On the occasion of her first solo show in the United Kingdom organized by Arcade, Sisters, we met Chiara Camoni (Piacenza 1974).
Sara Buoso: Dear Chiara, having seen the solo-exhibition ‘Sisters’ at Arcade, the first words that came into my mind were Material and Feminine. Christian Mooney, the director of the gallery, also mentioned how your practice can find references to the historical work of Italian women artists, such as Marisa Merz. Can you tell us a little bit more about this artistic approach?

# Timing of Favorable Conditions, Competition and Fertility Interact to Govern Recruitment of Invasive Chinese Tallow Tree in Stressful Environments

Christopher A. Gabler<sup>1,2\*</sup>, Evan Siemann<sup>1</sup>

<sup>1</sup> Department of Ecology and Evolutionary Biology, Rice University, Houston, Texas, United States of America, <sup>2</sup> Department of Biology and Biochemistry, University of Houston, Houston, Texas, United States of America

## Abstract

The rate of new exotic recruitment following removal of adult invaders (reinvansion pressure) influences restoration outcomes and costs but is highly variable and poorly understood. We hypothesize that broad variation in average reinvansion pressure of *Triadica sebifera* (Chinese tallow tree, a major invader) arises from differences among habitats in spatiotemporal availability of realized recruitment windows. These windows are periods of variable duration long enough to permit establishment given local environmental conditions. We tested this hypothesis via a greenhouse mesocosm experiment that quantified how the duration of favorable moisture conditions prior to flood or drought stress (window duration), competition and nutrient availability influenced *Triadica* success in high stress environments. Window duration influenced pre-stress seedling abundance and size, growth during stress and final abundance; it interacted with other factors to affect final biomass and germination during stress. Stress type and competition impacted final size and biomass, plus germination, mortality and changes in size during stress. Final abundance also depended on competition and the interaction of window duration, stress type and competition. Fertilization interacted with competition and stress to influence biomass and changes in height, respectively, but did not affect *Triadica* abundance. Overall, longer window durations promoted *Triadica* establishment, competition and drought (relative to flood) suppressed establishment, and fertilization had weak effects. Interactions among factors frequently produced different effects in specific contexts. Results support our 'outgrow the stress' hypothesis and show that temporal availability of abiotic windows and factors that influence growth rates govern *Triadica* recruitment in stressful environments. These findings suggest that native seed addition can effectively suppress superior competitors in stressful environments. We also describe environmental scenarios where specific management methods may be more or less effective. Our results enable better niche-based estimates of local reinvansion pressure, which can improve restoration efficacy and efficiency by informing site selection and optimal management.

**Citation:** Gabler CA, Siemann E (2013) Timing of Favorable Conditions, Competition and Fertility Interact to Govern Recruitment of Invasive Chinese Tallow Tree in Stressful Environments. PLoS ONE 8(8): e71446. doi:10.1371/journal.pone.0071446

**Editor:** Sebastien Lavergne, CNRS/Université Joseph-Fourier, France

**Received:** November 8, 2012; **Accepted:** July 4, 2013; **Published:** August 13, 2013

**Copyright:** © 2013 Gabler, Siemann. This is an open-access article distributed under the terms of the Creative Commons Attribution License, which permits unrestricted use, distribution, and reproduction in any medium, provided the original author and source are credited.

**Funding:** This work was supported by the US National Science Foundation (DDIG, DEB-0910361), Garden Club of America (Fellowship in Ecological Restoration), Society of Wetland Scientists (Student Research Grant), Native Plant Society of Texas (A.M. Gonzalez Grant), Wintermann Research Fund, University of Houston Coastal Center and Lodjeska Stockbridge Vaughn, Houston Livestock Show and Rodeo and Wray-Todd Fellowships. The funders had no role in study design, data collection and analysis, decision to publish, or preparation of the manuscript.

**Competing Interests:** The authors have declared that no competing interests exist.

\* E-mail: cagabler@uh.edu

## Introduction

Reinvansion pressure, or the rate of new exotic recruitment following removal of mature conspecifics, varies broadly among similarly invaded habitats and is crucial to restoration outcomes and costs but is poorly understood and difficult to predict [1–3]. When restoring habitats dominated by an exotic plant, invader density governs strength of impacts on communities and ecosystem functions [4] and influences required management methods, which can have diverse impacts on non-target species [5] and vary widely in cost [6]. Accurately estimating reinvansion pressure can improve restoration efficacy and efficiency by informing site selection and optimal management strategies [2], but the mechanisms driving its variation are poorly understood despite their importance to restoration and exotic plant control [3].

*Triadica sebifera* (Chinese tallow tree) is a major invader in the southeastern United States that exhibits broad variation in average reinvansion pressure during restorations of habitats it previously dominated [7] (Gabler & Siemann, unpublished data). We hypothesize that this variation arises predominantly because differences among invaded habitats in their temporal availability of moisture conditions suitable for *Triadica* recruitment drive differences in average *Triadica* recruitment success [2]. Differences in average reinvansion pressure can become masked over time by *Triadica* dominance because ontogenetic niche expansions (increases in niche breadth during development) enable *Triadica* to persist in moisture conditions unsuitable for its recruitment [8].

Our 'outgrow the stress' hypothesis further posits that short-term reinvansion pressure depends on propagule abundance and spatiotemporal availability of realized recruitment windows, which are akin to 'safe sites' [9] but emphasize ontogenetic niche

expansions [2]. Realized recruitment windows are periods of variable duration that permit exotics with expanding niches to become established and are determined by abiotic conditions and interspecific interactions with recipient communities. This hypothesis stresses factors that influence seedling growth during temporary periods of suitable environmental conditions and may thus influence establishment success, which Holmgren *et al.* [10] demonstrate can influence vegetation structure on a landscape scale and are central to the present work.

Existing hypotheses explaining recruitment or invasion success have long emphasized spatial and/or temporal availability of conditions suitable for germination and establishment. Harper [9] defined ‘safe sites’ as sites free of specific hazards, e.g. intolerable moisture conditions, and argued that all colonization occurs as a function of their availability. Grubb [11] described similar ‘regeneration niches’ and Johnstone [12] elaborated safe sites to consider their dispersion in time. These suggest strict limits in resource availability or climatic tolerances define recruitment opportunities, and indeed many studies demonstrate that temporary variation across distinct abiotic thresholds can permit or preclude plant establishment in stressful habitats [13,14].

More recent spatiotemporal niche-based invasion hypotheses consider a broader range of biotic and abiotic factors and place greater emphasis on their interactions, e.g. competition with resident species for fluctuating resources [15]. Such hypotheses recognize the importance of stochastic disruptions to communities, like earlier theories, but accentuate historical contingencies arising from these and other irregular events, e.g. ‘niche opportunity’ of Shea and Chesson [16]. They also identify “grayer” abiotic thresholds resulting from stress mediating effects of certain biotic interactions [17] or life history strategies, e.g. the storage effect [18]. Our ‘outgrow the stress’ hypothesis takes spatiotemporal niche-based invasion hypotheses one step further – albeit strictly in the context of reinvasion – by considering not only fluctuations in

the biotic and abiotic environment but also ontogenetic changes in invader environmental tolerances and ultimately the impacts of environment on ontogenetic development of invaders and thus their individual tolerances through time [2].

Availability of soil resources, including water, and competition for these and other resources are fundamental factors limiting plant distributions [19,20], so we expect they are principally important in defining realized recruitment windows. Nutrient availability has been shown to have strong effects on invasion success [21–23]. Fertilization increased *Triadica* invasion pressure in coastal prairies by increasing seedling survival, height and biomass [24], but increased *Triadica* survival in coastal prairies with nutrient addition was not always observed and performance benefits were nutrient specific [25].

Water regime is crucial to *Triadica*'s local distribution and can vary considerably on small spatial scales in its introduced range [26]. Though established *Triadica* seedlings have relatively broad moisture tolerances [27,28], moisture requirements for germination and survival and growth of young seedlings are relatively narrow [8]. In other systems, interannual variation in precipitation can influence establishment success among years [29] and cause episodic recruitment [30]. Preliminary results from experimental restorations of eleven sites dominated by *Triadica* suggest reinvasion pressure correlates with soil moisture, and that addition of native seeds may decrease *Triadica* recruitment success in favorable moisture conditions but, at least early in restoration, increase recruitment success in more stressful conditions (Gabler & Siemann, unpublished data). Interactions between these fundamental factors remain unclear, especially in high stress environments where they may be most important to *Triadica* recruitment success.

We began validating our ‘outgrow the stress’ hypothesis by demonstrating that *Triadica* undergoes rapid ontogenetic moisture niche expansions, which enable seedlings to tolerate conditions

Chiara Camoni: In the exhibition, I wanted to talk about an Identity and a Belonging to the idea of Being Female. I have been recently involved in a discussion about the network of women artists in Italy, as I had proposed during my recent intervention at the Women’s Library in Milan. While we can find many ‘sisters’ in contemporary arts, including artists to whom I am personally or collaboratively related, it’s more complicated to find ‘mothers’, both because they were less and because it is more difficult to reconstruct the different traces of history. Thus, it becomes important to reconstruct a small history of art, of different generations, not only of artists, but also of women intellectuals and philosophers, to think of this meaningful passage, so that the idea of female identity can continue in an active way. As a female artist, my personal identity arises in an archaeological way, related to an arcane place, a territory where I always come back, researching a kind of ambiguity, a duality. The Sisters on show at Arcade, some of them are friendly figures, others are sinister, some smile with irony, others are black and in the dark. They are presence before sculpting. From the causality of the matter they appear to me, like sculptures in a grave: they accompany us, they appear to us. They have an artistic, an aesthetic value and a function. Sculpture is giving shape. It is the act of giving shape to a sculpture that characterizes it, through a practical function and by being tuned to it. I am obsessed with the relation between Sculpture and reality, as Arturo Martini said in Pittura Lingua Morta: “An apple modelled by Fidia remains an object, but a painted apple is an expression of art, even when it is painted badly.” For example, a Vase is a sculpture and an object, placing the equivocal limit of the matter. Other objects that I’ve been interested me for their ambiguity are toys founded in tombs, everyday objects, or the sculpture-whistles, 2016, which I staged as if they were thought for an improvised but powerful concert. In the exhibition, the sculptures carry candles. They are like in a small grotto, a cave. Hence, the decision not to put anything else.